A crucial conversation is one where the stakes are high, the opinions are different, and the emotions are strong. Many conversations in education are crucial conversations because children’s education is at stake, teachers have different teaching styles, and teaching is passionate. So, what do you do when you need to have a conversation about something as scary as change? You sit down with each other and LISTEN. In today’s digital age, it may seem like a waste of time to sit and talk instead of sending an email. However, we know how tone can get lost in typing, and true dialogue does not occur. To create change, we need to be able to talk about it – in person and together.
Having these conversations can be intimidating because we feel vulnerable, but in that vulnerability is where effective communication lies. We cannot be silent or passive, as this is lonely, ineffective, and wasteful. If we want to be successful we need to TALK about our innovation plan and our intentions for implementing the plan using the 6 Sources of Influence and 4DX, remembering the “why” throughout the conversation.
To have a crucial conversation with dialogue, We first need to know WHY we are having it. The start of the change is me, and the only person I can control is myself, so I need to focus on my own thoughts before I bring them to the table. The first step of the process is to start with the heart – to think about what I REALLY want. Once I have done that, I will look carefully around me and within. “What are we talking about? What is going on beneath the surface? Has this become crucial? Does everyone feel safe? Is a feeling of being unsafe leading to silence or violence?” At this point, we need to step back to safety to discuss mutual purpose and mutual respect. I also need to remember that an appropriate apology regains the safe space rather than admitting a weakness. Once we have gotten back on the right path, it is important to master my stories by getting in touch with my feelings and being honest with myself. Then I can move to STATE my path by sharing my facts, telling my story, asking for others’ paths, talking tentatively, and encouraging testing as I express my thoughts in a way that is direct but respectful. Once I’ve shared my story, it is vital that I LISTEN to others involved and get their perspectives. Only then can we turn the talk into action as we make good decisions TOGETHER (Patterson, Grenny, McMillan, & Switzler, 2012). The key to having a crucial conversation is simple, but easier said than done – listen and speak respectfully.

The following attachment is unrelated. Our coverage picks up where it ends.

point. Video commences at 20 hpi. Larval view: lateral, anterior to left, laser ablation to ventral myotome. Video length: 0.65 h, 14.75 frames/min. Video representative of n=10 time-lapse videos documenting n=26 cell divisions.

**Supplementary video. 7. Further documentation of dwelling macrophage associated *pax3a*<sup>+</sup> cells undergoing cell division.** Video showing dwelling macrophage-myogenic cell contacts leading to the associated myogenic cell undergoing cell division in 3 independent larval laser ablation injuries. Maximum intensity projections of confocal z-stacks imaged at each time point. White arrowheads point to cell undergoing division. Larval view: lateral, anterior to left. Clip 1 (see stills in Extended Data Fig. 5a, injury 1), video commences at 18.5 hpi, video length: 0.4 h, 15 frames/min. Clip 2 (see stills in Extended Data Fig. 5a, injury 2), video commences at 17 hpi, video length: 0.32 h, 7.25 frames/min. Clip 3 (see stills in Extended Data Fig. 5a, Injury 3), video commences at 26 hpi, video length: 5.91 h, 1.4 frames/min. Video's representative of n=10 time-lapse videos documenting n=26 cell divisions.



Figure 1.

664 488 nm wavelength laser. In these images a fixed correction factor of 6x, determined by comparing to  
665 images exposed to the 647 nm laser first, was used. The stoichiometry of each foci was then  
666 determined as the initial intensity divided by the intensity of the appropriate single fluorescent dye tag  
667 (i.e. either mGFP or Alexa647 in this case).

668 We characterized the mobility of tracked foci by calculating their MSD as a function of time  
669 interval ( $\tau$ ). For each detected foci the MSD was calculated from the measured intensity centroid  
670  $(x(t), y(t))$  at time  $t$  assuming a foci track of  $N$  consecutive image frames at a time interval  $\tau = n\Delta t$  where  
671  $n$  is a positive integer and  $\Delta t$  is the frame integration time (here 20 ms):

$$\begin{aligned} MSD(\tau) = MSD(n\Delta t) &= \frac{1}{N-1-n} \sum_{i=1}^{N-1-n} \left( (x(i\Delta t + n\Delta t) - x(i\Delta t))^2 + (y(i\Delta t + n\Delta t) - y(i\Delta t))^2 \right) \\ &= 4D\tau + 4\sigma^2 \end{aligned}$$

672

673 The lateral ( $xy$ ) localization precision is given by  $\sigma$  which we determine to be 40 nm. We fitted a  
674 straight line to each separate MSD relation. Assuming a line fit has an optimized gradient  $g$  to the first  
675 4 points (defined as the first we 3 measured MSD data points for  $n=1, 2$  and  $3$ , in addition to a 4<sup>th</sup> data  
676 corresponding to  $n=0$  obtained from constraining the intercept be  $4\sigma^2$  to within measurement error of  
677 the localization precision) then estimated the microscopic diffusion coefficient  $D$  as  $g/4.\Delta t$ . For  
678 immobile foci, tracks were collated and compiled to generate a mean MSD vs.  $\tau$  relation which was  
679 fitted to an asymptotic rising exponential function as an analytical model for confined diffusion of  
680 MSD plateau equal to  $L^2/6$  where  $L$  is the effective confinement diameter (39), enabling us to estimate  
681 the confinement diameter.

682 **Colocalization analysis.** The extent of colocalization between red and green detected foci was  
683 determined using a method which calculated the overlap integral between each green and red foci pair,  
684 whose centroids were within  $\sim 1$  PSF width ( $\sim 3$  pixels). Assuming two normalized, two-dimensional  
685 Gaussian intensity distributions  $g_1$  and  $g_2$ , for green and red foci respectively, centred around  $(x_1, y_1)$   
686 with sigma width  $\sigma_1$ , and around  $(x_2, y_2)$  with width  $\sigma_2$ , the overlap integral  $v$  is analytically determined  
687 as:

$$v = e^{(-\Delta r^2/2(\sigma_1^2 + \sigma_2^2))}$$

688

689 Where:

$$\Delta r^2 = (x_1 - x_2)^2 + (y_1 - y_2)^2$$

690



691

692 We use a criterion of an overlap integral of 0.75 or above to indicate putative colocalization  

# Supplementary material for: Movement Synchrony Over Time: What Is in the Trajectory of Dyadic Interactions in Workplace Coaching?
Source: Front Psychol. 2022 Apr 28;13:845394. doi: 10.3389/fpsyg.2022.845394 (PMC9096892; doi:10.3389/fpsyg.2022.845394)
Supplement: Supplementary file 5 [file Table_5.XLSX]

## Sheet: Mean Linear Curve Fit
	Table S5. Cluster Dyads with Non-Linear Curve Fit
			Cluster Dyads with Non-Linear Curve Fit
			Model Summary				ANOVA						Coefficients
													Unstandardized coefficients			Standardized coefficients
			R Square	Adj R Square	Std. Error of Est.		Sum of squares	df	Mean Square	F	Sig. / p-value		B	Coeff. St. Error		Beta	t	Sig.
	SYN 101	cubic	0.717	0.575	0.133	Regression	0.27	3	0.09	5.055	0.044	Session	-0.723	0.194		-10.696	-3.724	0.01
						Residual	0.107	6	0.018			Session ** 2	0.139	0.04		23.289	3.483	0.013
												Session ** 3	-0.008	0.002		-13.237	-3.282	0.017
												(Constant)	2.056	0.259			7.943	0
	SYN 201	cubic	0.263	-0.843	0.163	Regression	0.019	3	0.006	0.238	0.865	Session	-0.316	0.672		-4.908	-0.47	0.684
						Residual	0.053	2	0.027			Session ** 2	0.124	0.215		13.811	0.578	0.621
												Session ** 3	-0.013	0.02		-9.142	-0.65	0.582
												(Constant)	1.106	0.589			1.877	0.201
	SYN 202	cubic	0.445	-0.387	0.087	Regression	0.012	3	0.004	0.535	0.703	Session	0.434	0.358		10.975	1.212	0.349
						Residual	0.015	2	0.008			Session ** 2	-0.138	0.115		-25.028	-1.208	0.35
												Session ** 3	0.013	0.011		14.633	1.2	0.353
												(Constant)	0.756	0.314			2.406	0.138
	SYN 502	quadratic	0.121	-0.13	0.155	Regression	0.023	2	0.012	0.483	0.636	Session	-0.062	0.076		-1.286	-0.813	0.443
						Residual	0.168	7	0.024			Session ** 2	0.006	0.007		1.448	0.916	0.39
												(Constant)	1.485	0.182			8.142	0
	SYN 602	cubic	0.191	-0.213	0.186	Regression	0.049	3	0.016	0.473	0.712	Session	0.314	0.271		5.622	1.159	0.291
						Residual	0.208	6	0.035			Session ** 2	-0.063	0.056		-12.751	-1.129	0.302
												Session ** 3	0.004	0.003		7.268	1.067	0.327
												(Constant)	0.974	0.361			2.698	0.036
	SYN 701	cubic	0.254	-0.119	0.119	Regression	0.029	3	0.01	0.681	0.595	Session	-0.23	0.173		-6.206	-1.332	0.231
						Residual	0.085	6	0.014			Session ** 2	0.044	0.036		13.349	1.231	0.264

I want to be a good leader, a self-differentiated leader that connects with others without losing my own identity (Camp, 2010). To be this self-differentiated leader I will have to be willing to have the hard conversations, the ones that others don’t. Because of my knowledge of the process of the crucial conversation, I now feel confident in myself to discuss my innovation plan, 6 Sources of Influence, 4DX, and anything else that comes my way. It is my responsibility as an educator and leader to speak up so that we give our students the best and allow them to reach their full potential. I’m here and I am ready to talk.
Callibrain. (2015, August 20). Video review for Crucial Conversations by Kerry Patterson [Video file]. Retrieved from https://www.youtube.com/watch?v=EFaXx3pgaxM&feature=youtu.be
Camp, J. [Mathew David Bardwell]. (2010, November 10). Friedman’s theory of differentiated leadership made simple [Video file]. Retrieved from https://www.youtube.com/watch?v=RgdcljNV-Ew&feature=youtu.be
Patterson, K., Grenny, J., McMillan, R., & Switzler, A. (2012). Crucial conversations: Tools for talking when stakes are high. New York: McGraw-Hill.
Vital Smarts India. (2012, February 10). Crucial conversations explained in two minutes [Video file]. Retrieved from https://www.youtube.com/watch?v=ixEI4_2Xivw&feature=youtu.be